Keynes is wrong about the gold standard for two reasons. First, it is important to hold money that has intrinsic value, rather than the fiat (because the government says so) currency issued by the FED. Second, by tagging the currency to something of limited supply you automatically limit the size of government because it is no longer able to steal the wealth of it's people through inflating the currency. What incentive do we have to save when our savings will be consumed by inflation. The mess we are in now would not have occurred had the welfare/warfare government not been able to raise money through any means other than taxation. People will revolt due to excessive taxation. You should never accept a wooden nickel. When the price of copper rose to the point that we had to start making pennies out of zinc, that should have been a wake up call. Now, it takes 1.7 cents to make a penny out of zinc. This only demonstrates how worthless our money has become. At one point the FED lowered the discount rate to 3/4%. The artificial interest rate created artificial loan demand and that, along with ridiculous hedging schemes at the mega-banks has caused the current meltdown. The government needs to step back and let the market re-allocate these assets where they are best utilized. This would likely cause a recession but there is nothing that will get us out of this mess except for hard work and fiscal conservatism. Bank deposits must also be insured by private companies. In turn they will audit the banks assets to asses their risk, promoting soundness and accountability.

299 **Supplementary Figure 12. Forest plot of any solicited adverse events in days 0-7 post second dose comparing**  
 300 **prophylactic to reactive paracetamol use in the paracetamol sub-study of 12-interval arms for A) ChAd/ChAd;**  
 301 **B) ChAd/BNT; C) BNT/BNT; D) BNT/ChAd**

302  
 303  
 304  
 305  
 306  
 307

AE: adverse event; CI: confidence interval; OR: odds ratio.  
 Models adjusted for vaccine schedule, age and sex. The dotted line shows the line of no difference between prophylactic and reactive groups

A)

The easy credit culture has caused an illusion of wealth to the point that a young couple just married buys a 3000 square foot "starter home" and parks a new lexus and a new escalade in the drive. My first house in 1980 was very nice and larger than most at 1850 square feet and I drove a chevy love truck to work every day but I lived within my means. No one thinks that way today. The scary thing is, back then when a government employee showed up at your door and said "I'm here to help you" we thought that was the worst thing that could happen. Today, the government takes over the largest mortgage and insurance companies in the world and everyone thinks it is wonderful, our savior has arrived.